Lately, we've been building new IBM i ILE RPG apps for customers quite a bit here at ASNA. In most cases, these RPG apps provide the back-end for an ASNA Mobile RPG front-end for use on Apple and Android mobile devices. In nearly every case, we're building a new application that needs new data files (or at least some new files).
Faced with the need to quickly populate several test files for a project the other day, we did what smart programmers do and started Googling around. A "generate test data" query quickly introduced us to a great test generator site at mockaroo.com. There is a paid plan available for generating large test data sets, but we found the free plan did all we need. The free plan lets you generate up to 1000 rows of test data per schema. There are also $50 and $500 annual plans. The free plan is also performance throttled, but we didn't find that an issue at all.
The data Mockaroo creates for you is good to have for building new applications. Beyond writing the code, having a good representation of data makes for a much better demo of the app. Also, using SQL Mockaroo generates to populate test data, it's easy to write SQL scripts that let you easily reset your test data to a known state for integration testing purposes.
This article may seem a little SQL-centric, but the data generated works just fine in RPG with either embedded SQL or old-school record level access.
Consider this DOCTOR file format defined with DDS:
A R RCUSTOMER A CMCUSTNO 9P 0 A CMNAME 40 A CMADDR 35 A CMCITY 30 A CMSTATE 2 A CMPOSTCODE 10 A CMACTIVE 1 A CMFAX 10P 0 A CMPHONE 20 A CMEMAIL 80 A K CMCUSTNO
Or, if you prefer, as we do, defined with SQL:
CREATE TABLE doctor ( CMCUSTNO Dec(9,0), CMNAME Char(40), CMADDR Char(35), CMCITY Char(30), CMSTATE Char(2), CMPOSTCODE Char(10), CMACTIVE Char(1), CMFAX Dec(10,0), CMPHONE Char(20), CMEMAIL Char(80), Primary Key(CMCUSTNO) );
We needed to populate this DOCTOR file with 50 or so rows with test data, as well as create several other related tables. In most cases, these test tables needed working relations defined (that is, the CLINIC table needed rows with a foreign key linking a clinic back to a DOCTOR).
Using Mockaroo to create test data
Mockaroo lets you quickly build a physical schema. For each column you specify one of Mockaroo's 141 data value types. For example, the "Full Name" type generates random names and the "SSN" type generates random US Social Security Numbers. The screenshot below shows Mockaroo's data type help panel.
Our DOCTOR table was created with types specified as shown below in Figure 1a:
Figure 1a. The DOCTOR table defined with Mockaroo's types.
Mockaroo can show a preview of its generated data. The preview below in Figure 1b is for the DOCTOR table shown above in Figure 1a.
Figure 1b. Mockaroo's preview panel.
Types out the wazzoo!
With 141 types, Mockaroo covers a broad spectrum of data types you're likely to need. Beyond the obvious city, state, zip, country types, it has a slew of specialty types for that cover health, location, IT, and many others. Beyond its canned types, you can customise Mockaroo types with formulas, regular expressions, and even Ruby code. You can see Mockaroo in action with the link below.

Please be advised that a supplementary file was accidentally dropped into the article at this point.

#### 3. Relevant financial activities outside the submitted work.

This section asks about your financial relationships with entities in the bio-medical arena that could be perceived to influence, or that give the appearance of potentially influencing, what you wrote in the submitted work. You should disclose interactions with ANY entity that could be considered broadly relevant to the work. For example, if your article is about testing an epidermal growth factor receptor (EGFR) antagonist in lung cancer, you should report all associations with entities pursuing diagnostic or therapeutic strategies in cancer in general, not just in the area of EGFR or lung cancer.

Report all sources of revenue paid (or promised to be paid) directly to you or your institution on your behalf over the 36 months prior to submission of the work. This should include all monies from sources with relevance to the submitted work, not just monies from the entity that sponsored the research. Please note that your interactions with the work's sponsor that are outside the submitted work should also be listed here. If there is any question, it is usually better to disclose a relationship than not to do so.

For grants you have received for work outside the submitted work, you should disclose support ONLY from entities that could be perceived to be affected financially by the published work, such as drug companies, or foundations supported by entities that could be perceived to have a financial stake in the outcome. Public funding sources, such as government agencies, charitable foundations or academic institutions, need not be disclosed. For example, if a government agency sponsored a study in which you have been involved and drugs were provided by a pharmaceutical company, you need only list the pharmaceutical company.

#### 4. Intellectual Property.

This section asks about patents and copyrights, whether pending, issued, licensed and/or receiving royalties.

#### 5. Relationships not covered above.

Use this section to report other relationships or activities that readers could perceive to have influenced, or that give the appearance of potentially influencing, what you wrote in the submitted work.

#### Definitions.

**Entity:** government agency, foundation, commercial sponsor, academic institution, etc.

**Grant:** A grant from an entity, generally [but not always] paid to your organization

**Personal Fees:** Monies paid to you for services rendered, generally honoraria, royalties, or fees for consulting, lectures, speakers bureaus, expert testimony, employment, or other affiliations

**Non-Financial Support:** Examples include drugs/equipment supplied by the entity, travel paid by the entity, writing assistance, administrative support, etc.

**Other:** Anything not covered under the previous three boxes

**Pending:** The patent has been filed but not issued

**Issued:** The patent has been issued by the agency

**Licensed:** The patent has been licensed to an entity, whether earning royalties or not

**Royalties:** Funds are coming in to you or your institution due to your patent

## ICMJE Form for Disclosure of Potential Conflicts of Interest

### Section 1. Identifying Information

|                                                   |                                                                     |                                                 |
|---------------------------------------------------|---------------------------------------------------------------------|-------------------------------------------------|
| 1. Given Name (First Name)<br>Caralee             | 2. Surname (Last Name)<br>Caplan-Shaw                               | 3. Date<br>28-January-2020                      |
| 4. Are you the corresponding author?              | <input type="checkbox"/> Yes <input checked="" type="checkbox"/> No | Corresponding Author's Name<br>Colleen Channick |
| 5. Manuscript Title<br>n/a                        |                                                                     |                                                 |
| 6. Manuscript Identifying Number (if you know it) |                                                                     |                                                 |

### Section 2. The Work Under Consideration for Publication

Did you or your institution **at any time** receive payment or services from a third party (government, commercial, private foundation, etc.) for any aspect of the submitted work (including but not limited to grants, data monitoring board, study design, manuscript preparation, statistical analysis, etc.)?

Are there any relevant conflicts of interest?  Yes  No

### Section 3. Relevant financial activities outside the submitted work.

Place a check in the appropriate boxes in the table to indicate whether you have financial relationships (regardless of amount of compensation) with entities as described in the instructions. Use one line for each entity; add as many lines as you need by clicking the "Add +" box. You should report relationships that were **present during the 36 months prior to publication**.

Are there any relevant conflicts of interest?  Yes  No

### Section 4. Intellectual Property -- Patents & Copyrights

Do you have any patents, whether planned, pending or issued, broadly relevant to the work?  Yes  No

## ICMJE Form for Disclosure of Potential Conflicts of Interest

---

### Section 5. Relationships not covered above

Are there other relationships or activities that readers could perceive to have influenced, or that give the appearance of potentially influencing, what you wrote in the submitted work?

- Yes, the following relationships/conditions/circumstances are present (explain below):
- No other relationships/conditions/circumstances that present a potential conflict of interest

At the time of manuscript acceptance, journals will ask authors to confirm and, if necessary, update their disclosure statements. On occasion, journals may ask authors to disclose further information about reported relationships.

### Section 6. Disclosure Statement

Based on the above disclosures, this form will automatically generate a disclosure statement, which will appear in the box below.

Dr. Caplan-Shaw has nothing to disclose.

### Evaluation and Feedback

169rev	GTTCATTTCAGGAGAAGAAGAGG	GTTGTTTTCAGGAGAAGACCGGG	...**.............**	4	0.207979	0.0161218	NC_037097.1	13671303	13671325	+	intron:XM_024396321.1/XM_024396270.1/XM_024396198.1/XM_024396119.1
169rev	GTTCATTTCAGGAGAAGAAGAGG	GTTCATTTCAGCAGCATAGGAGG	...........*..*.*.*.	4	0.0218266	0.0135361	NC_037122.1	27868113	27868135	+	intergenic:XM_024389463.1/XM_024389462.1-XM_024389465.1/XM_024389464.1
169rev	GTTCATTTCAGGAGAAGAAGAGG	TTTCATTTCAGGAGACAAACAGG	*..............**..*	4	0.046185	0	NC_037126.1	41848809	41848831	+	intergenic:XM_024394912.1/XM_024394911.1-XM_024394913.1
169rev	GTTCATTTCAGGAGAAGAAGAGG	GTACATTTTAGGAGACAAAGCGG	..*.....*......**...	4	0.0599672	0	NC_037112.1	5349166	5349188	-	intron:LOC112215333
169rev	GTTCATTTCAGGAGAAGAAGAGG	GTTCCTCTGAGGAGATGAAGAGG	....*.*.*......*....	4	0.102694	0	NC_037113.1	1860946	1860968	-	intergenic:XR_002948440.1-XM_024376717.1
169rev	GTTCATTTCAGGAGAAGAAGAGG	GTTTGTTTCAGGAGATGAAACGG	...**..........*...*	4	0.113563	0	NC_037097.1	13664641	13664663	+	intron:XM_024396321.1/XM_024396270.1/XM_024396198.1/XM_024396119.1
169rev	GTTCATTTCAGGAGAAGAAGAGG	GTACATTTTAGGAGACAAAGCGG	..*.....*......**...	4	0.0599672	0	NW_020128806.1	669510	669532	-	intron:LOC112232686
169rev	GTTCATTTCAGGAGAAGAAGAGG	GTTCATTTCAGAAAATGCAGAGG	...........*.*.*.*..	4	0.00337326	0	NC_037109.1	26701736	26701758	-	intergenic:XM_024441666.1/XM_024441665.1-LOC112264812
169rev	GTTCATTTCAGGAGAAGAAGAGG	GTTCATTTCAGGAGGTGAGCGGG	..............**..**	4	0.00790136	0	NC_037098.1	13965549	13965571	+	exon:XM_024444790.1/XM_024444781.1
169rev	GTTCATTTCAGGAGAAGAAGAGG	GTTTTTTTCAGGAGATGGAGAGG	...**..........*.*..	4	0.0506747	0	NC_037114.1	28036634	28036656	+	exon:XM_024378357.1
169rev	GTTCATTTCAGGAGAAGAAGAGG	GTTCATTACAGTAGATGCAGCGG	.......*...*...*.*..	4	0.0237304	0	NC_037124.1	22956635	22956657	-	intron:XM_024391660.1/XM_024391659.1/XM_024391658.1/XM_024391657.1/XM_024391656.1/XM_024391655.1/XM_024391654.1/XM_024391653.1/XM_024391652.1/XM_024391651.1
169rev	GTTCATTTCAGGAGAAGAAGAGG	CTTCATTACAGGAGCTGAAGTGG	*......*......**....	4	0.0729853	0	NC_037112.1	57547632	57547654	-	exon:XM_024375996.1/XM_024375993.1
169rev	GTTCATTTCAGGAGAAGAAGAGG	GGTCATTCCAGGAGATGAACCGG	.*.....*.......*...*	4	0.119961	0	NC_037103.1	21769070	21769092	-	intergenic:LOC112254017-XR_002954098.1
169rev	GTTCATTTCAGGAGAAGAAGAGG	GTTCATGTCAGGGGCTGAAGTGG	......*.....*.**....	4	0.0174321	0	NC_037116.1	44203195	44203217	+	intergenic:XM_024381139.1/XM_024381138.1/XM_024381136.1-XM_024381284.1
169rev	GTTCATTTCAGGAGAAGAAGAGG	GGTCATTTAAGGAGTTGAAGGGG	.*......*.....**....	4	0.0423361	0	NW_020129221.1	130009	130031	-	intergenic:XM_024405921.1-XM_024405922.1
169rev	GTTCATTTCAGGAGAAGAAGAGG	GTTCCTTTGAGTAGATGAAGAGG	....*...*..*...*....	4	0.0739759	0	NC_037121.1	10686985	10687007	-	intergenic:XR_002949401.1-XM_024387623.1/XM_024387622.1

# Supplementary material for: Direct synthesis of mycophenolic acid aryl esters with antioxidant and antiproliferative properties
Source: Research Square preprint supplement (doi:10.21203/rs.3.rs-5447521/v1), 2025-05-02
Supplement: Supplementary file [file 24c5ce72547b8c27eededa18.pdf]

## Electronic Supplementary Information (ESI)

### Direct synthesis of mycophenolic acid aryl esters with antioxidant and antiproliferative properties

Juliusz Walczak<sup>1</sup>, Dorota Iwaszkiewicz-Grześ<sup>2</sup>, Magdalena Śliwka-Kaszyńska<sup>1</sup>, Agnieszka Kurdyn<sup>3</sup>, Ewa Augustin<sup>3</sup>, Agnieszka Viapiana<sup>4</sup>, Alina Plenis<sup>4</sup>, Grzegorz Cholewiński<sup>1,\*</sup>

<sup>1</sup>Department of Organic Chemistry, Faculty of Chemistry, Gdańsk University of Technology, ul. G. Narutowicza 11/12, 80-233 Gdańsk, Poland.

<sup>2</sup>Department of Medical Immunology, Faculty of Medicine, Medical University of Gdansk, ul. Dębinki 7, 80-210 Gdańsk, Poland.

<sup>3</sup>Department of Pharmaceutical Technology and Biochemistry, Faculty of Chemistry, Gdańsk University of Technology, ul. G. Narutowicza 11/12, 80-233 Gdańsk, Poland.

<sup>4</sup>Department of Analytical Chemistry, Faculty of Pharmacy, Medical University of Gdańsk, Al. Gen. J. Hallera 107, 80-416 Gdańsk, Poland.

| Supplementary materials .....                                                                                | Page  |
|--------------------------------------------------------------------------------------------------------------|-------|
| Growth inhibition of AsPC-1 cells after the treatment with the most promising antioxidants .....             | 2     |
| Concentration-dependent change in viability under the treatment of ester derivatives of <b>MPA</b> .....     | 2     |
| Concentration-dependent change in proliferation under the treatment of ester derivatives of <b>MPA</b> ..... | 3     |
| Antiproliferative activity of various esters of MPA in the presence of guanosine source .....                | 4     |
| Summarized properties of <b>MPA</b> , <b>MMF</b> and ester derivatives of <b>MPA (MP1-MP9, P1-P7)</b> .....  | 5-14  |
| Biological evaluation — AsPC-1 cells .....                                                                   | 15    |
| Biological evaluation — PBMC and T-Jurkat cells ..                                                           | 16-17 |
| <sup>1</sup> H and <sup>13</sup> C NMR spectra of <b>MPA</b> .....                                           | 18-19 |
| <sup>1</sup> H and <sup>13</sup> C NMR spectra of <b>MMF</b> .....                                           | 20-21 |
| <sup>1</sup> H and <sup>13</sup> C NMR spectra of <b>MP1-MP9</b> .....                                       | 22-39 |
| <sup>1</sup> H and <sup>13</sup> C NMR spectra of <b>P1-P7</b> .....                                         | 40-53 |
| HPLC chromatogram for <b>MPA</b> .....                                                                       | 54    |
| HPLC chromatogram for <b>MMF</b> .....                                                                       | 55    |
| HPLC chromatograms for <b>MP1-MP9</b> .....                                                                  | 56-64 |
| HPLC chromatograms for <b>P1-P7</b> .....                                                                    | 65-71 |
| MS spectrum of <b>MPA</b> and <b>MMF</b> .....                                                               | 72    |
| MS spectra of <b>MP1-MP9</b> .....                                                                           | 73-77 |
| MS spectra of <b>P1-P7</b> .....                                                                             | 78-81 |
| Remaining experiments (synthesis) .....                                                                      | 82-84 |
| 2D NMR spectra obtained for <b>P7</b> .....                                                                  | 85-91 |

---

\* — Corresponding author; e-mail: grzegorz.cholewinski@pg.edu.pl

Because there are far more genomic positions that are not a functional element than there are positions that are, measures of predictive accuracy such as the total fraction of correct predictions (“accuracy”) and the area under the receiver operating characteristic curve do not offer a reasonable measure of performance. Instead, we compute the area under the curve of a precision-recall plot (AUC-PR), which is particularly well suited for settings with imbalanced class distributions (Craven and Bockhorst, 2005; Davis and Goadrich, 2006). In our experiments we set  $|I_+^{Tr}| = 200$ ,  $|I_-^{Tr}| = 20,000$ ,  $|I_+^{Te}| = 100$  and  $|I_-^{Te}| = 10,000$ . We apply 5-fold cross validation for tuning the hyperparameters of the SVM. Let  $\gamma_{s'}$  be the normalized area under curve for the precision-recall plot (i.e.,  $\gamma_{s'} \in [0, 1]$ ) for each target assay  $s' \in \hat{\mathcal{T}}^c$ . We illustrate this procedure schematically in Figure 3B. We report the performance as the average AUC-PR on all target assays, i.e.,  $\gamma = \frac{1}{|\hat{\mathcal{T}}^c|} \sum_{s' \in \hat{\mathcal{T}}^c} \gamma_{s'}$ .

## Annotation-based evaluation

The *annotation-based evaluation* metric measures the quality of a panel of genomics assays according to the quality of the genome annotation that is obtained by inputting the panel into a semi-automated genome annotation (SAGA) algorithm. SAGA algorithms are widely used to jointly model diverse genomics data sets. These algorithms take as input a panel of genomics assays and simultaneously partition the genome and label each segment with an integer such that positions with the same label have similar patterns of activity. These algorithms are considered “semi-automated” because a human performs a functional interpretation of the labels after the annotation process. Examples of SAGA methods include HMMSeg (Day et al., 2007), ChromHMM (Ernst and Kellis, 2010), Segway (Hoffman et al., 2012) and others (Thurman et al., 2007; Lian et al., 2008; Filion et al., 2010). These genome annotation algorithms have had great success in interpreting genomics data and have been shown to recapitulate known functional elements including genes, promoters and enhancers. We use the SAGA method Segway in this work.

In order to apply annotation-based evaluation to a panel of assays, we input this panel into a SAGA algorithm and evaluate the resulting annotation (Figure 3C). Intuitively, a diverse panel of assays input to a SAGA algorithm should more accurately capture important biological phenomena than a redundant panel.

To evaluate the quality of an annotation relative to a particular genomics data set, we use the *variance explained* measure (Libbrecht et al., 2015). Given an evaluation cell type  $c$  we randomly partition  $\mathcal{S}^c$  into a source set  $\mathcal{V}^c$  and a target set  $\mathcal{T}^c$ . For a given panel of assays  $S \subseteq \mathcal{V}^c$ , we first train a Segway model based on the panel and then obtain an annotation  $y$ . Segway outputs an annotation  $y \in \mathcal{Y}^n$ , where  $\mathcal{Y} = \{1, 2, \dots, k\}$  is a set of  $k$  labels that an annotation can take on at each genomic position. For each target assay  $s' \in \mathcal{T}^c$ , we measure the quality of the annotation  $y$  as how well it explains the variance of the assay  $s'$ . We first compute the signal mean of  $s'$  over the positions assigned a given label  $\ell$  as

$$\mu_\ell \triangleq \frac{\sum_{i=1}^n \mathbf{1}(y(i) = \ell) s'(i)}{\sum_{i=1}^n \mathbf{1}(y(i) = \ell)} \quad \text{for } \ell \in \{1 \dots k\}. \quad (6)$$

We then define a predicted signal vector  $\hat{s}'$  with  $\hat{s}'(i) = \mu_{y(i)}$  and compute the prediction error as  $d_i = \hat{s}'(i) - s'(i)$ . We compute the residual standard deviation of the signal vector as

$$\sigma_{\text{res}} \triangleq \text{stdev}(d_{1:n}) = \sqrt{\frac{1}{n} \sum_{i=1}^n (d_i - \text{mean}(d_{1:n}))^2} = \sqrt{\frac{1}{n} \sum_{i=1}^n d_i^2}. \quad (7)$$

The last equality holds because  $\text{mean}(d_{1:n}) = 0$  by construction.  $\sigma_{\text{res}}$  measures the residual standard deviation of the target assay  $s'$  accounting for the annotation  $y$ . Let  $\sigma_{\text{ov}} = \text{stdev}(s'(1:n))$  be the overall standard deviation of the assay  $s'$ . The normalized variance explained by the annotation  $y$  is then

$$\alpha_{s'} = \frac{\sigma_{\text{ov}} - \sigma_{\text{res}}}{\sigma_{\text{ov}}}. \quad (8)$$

Most of the data types in the DOCTOR example are self-explanatory, but the CMActive field deserves special attention. That field is a one-character value that indicates if the doctor is active. Valid values are 'O', 'C', and 'X', for Open, Closed, and Suspended. The challenge with a data type like this is that, to echo the real world, the data should include mostly 'O' records, with just a few 'C' and 'X' records. Mockaroo has a few tricks up its sleeve to help direct "random" data assignment, but in the case of the CMActive code, we used a Custom List with a value of 'O,O,O,O,O,C,O,O,O,O,O,O,O,O,O,O,X', assigned sequentially. That meant that for every five 'O' rows there is a 'C' row, and for every ten 'O' rows there is an 'X' row.
If you need more data distribution sophistication, Mockaroo "Scenarios" feature lets you shape your test data according to numeric distributions based on other columns in your schema. If you need to ensure foreign key integrity, the simple answer is parked away in a handy little four minute video. There are also other videos available.
Mockaroo has an import facility to bootstrap schema building, but unlike the rest of Mocharoo's features, it is not very well implemented and doesn't provide much help. It requires a specific Json format and pretty much needs more effort than it's worth. That said, if we needed to create test data for one of those JD Edwards-like monster record formats, we'd probably use Mockaroo's import facility with a little Python effort on our side.
Generating the data
Mockaroo can generate a variety of test data outputs, including CSV, Json, Excel, XML, and SQL. The SQL generated works great with the IBM i. Line breaks are added for publication purposes, but otherwise, the SQL below is what Mockaroo generates for a single row of test data:
insert into Doctor (CMCustNo, CMName, CMAddr, CMCity, CMState, CMPostCode, CMActive, CMFax, CMPhone, CMEmail) values (1, 'Ellen Dorbin', '0308 John Wall Lane', 'Pittsburgh', 'PA', '15220', 'O', '4127569156', '706-479-2186', 'firstname.lastname@example.org');
Figure 2. SQL Insert statement that Mockaroo generates.
The SQL output plugs right into the IBM i's Navigator SQL console and works great. Alas, except for the very smallest of record formats, the line is too long to use in the IBM i's STRSQL green-screen panel without modification. (To use it there you need to put the generated SQL in a text editor and replace every comma with a comma and a carriage return).
After running the provided SQL statements, you can see the data in either the Navigator SQL panel:
or over on the green-screen:
If you're building new apps give Mockaroo a look. We reach for it often for IBM i application development.